Ms Unathi Ndobeni, Acting Chief Financial Officer, DWPCD, responded that the Department had been unable to account for its expenditure because there was a lack of capacity at that time in the Department. The Acting CFO was at the Department on a part time basis but also held a post at the National Treasury.

Ms R Mashigo (ANC) sought clarity on the Department’s expenditure on travel and subsistence and the use of consultants.

Ms Mkhize replied that the travelling and subsistence costs had been incurred through both local and international travels. This matter was of concern to both the Minister and the DG. The reports the Department submitted to international bodies such as the UN were important and relevant to the work the Department conducted on a daily basis. The Department needed to reassess the sizes of the delegations sent to conventions. The Department had used outsourced services for issues of research, audits and workshops.

Mr J Gelderblom (ANC) commented that the document was not a good advertisement for a public institution. He asked for an organogram from the Department on its expenditure and asked what the spin-offs of the international conventions which the DWPCD undertook would be for the local populace.

Ms Mkhize replied that the Department would submit a detailed breakdown and organogram of expenditure to the Committee in writing. The reports the Department submitted to international bodies such as the UN were important and relevant to the work the Department conducted on a daily basis. The implementation of the policies which were relevant to women, children and people with disabilities were dependant to an extent on the information gleaned from the Department’s international and domestic travels.  The Department acknowledged that it needed to reassess the sizes of the delegations sent to conventions. The delegation which had gone to New York had been cut; contrary to the stories that had been reported in the media. The figures quoted in the media included officials from Non-Government Organisations (NGO’s) and members of Parliament that had gone to New York on separate business. With the organogram in mind, the Department had 195 approved posts and more would be provided to the Committee in writing.

The Chairperson said that there was nothing that showed that the Department had been established in 2009 as key systems were still not in place. It was worrying that the Department had not submitted a report in October 2010. He suggested the session be ended due to the obvious lack of systems at the Department. It was nearly two years since the establishment of the Department and yet there were no systems in place at the Department. International conventions would be of no use if they did not benefit South African people which appeared to be the case. He could not understand why Ms Ndobeni was still working as an Acting CFO. The way in which the Department was operating was unacceptable. The Department had to operate in accordance with the PFMA, and yet things were moving at a snail’s pace at the Department.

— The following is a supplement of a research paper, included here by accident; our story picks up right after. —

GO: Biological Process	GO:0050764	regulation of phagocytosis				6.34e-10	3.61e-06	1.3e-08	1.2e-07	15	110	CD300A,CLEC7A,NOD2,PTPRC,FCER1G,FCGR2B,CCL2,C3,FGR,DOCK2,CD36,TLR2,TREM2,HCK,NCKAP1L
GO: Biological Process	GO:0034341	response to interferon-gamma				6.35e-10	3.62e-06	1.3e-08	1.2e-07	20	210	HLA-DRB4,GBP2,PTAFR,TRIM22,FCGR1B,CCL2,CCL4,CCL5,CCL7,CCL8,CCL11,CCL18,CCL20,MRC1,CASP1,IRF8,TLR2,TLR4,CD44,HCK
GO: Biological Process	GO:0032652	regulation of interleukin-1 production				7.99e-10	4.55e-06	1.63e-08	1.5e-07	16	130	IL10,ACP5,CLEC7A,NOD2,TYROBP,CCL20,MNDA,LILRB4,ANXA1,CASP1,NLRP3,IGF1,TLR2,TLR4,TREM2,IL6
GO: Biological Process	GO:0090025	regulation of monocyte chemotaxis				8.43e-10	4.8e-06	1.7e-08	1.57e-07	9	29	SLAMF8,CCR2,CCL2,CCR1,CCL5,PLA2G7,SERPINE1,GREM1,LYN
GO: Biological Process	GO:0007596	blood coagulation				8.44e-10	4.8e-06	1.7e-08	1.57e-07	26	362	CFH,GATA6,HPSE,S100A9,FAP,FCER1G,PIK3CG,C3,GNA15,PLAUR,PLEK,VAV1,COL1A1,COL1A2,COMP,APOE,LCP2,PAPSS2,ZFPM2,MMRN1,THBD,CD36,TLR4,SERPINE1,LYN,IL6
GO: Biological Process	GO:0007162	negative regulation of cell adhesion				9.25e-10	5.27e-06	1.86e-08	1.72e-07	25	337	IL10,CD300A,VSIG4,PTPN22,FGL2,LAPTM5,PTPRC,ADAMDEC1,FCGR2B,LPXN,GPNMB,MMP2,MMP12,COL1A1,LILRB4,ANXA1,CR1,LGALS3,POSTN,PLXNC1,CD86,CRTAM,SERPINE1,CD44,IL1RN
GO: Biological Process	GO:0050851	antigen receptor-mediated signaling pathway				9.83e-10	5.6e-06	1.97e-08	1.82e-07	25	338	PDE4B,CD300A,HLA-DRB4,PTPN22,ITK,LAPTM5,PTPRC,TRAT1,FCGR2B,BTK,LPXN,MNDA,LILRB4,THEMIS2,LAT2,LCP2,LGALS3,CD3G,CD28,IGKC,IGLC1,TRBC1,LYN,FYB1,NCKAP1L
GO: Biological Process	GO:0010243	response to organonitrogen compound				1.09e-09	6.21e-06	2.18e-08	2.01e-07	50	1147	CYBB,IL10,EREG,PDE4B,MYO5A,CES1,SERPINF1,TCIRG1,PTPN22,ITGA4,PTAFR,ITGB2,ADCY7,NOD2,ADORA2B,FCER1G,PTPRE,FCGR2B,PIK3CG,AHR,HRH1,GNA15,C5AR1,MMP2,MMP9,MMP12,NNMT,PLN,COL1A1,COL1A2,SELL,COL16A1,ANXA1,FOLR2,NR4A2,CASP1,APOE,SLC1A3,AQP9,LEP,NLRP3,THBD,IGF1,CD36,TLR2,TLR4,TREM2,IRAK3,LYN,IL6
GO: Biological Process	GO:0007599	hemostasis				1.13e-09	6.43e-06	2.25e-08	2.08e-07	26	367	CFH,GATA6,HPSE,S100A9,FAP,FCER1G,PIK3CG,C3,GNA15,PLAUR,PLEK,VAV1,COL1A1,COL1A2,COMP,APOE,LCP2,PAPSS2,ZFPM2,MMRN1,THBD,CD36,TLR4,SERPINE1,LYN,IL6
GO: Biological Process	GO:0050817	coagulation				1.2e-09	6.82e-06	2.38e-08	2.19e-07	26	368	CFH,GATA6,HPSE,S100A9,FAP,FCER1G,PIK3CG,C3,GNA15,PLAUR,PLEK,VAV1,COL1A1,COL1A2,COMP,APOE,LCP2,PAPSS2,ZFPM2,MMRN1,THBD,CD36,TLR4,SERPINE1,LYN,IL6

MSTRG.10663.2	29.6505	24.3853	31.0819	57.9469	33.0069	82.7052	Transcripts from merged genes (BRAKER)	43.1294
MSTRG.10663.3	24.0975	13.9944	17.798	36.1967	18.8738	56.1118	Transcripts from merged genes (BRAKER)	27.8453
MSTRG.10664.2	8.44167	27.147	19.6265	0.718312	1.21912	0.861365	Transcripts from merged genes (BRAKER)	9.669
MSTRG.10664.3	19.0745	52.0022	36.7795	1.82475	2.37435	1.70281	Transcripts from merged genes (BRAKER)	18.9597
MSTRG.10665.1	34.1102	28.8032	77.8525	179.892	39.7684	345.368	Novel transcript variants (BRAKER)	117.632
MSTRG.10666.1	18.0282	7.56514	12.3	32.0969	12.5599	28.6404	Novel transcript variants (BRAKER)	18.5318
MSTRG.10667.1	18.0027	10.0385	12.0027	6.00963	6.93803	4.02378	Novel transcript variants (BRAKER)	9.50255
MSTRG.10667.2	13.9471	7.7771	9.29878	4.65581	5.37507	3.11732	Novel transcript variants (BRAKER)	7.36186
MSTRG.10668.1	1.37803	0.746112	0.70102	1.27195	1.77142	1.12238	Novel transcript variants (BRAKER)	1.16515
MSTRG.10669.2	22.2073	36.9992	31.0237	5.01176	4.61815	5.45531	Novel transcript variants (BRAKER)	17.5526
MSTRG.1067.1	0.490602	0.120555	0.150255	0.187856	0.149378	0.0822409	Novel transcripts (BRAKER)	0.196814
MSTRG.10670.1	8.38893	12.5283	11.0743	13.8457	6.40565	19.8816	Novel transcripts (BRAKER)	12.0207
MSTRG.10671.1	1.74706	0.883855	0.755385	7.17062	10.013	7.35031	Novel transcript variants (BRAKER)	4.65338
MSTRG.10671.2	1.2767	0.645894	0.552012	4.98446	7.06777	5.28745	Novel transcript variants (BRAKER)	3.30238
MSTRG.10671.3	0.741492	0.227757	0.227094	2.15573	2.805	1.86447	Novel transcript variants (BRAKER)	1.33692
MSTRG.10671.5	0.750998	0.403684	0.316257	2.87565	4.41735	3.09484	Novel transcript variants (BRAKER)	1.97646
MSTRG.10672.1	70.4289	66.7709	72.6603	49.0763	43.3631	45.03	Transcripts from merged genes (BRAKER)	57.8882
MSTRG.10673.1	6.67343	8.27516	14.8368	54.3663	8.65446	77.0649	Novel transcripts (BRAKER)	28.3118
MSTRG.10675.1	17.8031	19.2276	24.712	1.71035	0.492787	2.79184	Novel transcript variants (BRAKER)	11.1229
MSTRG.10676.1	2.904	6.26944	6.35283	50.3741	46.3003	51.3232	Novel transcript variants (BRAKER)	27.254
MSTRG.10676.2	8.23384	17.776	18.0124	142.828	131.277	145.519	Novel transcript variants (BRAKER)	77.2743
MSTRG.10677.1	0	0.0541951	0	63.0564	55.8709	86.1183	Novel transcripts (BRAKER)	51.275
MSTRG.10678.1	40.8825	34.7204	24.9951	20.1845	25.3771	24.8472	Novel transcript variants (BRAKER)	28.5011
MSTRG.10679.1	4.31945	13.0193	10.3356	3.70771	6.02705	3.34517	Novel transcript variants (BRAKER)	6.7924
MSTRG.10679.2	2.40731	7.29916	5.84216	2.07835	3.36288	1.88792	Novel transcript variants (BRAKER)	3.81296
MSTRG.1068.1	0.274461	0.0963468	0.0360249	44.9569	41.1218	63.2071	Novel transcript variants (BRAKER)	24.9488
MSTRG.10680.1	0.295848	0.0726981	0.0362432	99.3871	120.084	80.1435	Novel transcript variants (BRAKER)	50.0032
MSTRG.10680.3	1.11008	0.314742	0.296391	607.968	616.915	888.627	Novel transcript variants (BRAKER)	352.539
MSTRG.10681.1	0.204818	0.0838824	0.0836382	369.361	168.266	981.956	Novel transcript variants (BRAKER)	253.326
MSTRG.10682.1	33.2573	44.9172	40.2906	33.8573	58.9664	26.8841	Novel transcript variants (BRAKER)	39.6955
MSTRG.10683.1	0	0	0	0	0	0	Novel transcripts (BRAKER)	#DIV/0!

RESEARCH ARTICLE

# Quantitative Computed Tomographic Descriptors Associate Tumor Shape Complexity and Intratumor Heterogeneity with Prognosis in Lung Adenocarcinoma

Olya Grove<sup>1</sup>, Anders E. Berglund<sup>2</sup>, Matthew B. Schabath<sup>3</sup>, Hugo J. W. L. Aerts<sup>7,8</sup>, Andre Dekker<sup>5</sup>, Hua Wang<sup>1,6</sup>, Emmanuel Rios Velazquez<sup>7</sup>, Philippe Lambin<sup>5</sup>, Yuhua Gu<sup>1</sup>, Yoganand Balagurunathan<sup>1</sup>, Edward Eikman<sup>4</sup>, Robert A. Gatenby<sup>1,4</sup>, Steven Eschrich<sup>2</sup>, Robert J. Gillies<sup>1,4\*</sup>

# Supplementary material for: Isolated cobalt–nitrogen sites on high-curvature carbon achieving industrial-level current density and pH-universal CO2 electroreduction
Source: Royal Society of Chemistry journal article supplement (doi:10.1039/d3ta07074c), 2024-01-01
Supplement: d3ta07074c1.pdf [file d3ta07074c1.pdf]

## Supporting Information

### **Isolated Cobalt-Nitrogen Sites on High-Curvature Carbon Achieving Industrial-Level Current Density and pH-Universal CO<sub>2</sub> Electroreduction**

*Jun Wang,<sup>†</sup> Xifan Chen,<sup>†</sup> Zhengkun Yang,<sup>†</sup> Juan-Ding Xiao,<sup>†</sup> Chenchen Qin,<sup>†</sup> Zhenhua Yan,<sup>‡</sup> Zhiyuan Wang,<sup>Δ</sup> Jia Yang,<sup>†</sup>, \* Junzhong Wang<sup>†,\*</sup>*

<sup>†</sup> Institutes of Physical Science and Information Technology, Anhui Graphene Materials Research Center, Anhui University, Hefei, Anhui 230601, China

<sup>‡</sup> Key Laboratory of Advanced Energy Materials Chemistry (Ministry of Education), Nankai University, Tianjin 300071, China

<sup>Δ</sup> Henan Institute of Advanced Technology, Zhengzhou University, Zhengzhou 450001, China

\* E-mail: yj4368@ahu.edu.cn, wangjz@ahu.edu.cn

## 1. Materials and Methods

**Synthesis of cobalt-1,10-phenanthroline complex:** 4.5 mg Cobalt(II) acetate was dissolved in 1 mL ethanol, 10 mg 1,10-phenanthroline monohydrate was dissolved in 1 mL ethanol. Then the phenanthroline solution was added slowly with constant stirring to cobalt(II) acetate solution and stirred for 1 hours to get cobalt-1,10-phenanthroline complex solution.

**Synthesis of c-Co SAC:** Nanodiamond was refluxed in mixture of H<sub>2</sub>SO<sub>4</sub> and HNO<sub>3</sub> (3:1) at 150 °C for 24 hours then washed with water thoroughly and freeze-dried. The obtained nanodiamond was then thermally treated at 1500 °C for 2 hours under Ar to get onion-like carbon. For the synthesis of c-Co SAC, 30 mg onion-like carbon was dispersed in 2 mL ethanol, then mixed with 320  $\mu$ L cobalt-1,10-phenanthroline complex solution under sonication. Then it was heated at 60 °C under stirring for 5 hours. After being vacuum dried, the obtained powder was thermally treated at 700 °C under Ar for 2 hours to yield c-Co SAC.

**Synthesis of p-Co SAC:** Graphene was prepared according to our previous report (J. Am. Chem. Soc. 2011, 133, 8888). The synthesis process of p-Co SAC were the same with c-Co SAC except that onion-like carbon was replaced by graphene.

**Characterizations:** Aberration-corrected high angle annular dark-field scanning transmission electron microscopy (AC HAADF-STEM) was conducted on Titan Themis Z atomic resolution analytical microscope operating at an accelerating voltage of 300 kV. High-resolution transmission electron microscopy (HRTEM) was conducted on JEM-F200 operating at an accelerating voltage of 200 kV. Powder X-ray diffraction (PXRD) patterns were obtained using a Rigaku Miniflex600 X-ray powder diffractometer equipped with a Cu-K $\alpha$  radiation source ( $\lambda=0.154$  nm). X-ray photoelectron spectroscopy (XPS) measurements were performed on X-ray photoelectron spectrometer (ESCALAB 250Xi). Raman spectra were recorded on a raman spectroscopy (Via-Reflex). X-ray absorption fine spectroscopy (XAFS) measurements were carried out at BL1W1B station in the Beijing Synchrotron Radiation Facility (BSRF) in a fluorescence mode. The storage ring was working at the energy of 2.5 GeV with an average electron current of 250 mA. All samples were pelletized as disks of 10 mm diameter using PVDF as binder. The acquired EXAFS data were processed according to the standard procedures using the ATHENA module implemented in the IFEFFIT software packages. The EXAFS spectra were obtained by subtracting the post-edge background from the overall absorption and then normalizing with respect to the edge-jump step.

Mr G Snell (ANC) said that the Department was either going to fail on its mandate or under-spend its allocated budget. He asked what the National Treasury was doing to prevent the Department from failing to deliver on its mandate or from under-spending.

The Chairperson said that he wanted recommendations for the Department and the National Treasury rather than to go back to a question and answer format.

Mr Snell said that he was happy with the Department’s expenditure if it had been approved by the National Treasury and worked out in conjunction with the Treasury. If the figures had not been approved by the Treasury however, he recommended that the National Treasury play a role in assisting the Department in working up realistic expenditure goals.

The Chairperson questioned whether the Department’s strategic plan had been approved by the Portfolio Committee on Women, Children and Persons with Disability Presentation.

Ms Mashigo asked when the Department would be able to employ people in key positions and when it would deal with the majority of its outstanding problems. She voiced concern about the Department’s use of consultants, they were an unnecessary expense. The Department should only employ consultants if their skills could be cultivated and developed by the Department for its own staff. She expressed doubt about whether the Department could achieve some of the goals it had set out by June 2011. There should be a short term and a long term plan to address the issues mandated for the Department.

Mr Mbili said that he believed the Department’s strategic plan had been approved by the relevant portfolio committee. If that was incorrect then the DG was lying and she should be charged for that.

The Chairperson still needed to check with the Chairperson of the Portfolio Committee on Women, Children and Persons with Disability whether the Department’s strategic plan had been approved. He was under the impression that the Committee had merely discussed the plan and was yet to approve it.

Mr Mbili commented that it was unfortunate that the matter had been raised in the manner it had because it created the impression that the DG was misrepresenting the status of the strategic plan.

The Chairperson said he would have to check whether the strategic plan had been approved by the Portfolio Committee on Women, Children and Persons with Disability.

Ms Marion Mthembu, Deputy Director General for Corporate Services: National Treasury said that Ms Ndobeni had been seconded on a permanent basis to be Acting CFO at DWPCD and that the NT had never seconded a person on a temporary basis.

Ms Wilson said that the NT had done a lot of work on behalf of the Department due to a lack of capacity at the Department. The NT had done more than what the PFMA mandated and had been at the Department’s beck and call when the Department still had capacity issues.

Ms Yengeni said that she wanted clarity on what the status of Acting CFO was as it was patently unclear after the contradicting responses.